Whiteness in the Novels of Charles W. Chesnutt

Whiteness in the Novels of Charles W. Chesnutt

Whiteness in the Novels of Charles W. Chesnutt

Whiteness in the Novels of Charles W. Chesnutt


Charles W. Chesnutt (1858-1932), critically acclaimed for his novels, short stories, and essays, was one of the most ambitious and influential African American writers of the late nineteenth and early twentieth centuries. Today recognized as a major innovator of American fiction, Chesnutt is an important contributor to de-romanticizing trends in post-Civil War Southern literature, and a singular voice among turn-of-the-century realists who wrote about race in American life.

Whiteness in the Novels of Charles W. Chesnutt is the first study to focus exclusively on Chesnutt's novels. Examining the three published in Chesnutt's lifetime- The House Behind the Cedars, The Marrow of Tradition, and The Colonel's Dream -as well as his posthumously published novels, this study explores the dilemma of a black writer who wrote primarily for a white audience.

Throughout, Matthew Wilson analyzes the ways in which Chesnutt crafted narratives for his white readership and focuses on how he attempted to infiltrate and manipulate the feelings and convictions of that audience.

Wilson pays close attention to the genres in which Chesnutt was working and also to the social and historical context of the novels. In articulating the development of Chesnutt's career, Wilson shows how Chesnutt's views on race evolved. By the end of his career, he felt that racial differences were not genetically inherent, but social constructions based on our background and upbringing. Finally, the book closely examines Chesnutt's unpublished manuscripts that did not deal with race. Even in these works, in which African Americans are only minor characters, Wilson finds Chesnutt engaged with the conundrum of race and reveals him as one of America's most significant writers on the subject.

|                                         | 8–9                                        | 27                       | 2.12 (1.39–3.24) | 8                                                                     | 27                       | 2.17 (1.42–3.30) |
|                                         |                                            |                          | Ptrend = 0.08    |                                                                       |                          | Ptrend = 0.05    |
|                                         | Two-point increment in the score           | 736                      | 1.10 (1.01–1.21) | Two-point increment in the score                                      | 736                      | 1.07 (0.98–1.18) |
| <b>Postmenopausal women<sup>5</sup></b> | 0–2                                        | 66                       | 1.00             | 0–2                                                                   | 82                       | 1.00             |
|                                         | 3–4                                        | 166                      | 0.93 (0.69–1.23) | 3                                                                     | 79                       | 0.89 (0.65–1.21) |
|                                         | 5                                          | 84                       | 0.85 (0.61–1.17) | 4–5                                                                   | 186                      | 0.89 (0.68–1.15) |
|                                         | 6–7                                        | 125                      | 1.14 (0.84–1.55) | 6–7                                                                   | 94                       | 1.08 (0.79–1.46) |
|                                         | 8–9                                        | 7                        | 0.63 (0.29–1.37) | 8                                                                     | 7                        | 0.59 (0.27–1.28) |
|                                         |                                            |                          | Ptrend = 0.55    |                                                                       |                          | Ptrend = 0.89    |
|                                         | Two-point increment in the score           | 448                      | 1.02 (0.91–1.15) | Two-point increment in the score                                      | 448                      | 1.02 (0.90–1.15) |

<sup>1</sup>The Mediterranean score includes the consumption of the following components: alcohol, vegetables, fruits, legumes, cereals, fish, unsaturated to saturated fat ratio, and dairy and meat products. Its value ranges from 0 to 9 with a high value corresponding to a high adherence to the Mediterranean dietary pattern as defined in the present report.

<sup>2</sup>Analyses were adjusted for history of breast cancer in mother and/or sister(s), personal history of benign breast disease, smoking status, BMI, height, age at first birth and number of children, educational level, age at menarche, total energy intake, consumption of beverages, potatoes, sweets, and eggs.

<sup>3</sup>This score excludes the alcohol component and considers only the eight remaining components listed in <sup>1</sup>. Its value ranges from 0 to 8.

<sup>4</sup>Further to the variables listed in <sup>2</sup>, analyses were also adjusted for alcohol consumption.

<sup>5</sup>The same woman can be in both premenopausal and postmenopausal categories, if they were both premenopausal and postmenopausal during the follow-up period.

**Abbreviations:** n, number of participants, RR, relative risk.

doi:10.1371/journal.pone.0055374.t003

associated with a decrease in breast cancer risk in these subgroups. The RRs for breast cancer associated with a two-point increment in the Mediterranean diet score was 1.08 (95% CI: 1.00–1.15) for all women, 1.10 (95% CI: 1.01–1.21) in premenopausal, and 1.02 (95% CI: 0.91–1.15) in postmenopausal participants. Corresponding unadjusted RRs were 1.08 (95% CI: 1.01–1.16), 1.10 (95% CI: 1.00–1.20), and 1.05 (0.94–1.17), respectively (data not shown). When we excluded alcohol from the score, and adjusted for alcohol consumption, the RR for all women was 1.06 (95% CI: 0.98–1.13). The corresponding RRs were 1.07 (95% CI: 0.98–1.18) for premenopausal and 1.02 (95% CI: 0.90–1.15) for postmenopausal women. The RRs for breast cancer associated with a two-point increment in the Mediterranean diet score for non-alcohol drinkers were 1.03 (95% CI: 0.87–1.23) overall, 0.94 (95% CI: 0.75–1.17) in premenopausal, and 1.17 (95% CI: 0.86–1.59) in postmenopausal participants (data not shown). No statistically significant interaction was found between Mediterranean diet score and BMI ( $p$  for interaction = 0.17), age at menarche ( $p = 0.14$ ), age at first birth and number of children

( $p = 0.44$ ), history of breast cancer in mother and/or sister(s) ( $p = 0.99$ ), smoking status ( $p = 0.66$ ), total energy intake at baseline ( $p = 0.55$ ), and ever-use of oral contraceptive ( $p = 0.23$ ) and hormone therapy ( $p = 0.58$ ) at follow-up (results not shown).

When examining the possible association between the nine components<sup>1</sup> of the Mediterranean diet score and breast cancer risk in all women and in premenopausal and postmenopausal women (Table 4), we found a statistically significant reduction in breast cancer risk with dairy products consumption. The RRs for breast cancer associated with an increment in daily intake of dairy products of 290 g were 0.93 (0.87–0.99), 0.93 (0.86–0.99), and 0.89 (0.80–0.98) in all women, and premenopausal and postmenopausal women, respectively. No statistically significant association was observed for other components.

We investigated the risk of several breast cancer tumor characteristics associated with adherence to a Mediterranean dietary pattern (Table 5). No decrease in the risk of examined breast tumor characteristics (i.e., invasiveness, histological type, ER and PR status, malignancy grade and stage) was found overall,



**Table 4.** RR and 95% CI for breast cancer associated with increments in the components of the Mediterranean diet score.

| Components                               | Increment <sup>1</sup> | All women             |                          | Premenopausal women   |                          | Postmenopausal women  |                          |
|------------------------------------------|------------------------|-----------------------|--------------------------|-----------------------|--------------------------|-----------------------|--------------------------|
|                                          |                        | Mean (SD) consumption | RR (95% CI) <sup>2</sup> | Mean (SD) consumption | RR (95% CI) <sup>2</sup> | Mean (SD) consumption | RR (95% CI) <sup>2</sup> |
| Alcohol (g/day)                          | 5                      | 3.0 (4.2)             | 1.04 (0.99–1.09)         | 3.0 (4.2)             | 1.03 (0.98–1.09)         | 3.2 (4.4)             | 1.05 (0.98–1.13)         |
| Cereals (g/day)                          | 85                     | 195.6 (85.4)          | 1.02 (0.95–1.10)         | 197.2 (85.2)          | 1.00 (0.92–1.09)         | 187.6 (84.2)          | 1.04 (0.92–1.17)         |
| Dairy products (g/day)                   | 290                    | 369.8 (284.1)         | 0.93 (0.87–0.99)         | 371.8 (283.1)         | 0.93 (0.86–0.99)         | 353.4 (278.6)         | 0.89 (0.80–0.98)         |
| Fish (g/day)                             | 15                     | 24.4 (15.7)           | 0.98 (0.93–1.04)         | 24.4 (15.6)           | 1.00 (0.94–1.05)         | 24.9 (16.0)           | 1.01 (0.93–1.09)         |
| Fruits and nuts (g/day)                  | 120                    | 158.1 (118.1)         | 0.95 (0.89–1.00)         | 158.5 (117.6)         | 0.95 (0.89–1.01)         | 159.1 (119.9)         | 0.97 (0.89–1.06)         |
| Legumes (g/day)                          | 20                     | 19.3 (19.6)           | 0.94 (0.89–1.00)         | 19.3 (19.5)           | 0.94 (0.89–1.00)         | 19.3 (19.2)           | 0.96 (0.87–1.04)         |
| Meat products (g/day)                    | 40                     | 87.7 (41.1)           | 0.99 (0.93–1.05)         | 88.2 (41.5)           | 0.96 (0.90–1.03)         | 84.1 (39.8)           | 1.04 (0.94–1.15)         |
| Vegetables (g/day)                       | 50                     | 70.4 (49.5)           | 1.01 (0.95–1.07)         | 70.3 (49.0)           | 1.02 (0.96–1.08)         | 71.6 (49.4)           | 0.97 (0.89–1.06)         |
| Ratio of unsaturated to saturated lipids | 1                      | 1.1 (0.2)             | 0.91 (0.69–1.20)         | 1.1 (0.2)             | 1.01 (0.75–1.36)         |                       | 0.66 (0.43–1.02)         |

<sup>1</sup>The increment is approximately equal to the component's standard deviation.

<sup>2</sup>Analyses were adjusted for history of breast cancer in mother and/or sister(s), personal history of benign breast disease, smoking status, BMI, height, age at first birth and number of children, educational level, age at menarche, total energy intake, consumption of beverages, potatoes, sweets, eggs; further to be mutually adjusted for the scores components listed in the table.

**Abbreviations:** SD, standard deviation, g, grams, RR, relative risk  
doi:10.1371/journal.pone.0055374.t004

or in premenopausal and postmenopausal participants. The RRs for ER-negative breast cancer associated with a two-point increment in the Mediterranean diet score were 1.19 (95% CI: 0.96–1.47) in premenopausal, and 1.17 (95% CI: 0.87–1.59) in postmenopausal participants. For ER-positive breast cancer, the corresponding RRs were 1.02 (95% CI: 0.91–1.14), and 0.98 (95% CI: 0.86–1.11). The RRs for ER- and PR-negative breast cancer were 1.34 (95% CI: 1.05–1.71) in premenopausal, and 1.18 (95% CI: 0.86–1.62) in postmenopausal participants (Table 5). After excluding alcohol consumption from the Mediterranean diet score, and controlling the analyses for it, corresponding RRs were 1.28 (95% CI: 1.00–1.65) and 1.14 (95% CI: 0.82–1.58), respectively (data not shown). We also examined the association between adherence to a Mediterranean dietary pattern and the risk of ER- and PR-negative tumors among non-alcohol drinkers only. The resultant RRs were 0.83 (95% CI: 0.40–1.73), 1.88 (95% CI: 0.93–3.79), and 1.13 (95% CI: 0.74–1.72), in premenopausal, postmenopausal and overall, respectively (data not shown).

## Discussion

Matthew Wilson is a professor of humanities and writing at Penn State University, Harrisburg. He is the editor of Charles W. Chesnutt's Paul Marchand, F. M. C. (University Press of Mississippi).


If the Negro author selects white America as his audience he is bound to run up against many long-standing artistic conceptions about the Negro; against numerous conventions and traditions which through age have become binding; in a word, against a whole row of hard-set stereotypes which are not easily broken up.

“The Dilemma of the Negro Author”

Searching the critical work of post-colonial critics, I found … very little expressed interest in representations of whiteness in the black imagination. Black cultural and social critics allude to such representations in their writing, yet only a few have dared to make explicit those perceptions of whiteness that they think will discomfort or antagonize readers.

Black Looks: Race and Representation

This study is an exploration of Charles W. Chesnutt's engagement with whiteness and with white audiences. It takes as its jumping-off point a claim of Chesnutt's and an argument by Toni Morrison. In accepting the Spingarn Medal from the National Association for the Advancement of Colored People in 1928, Chesnutt said that his “books were written … a generation too soon. … I had to sell my books chiefly to white readers. There were few colored book buyers” (Essays 514). Although Chesnutt . . .

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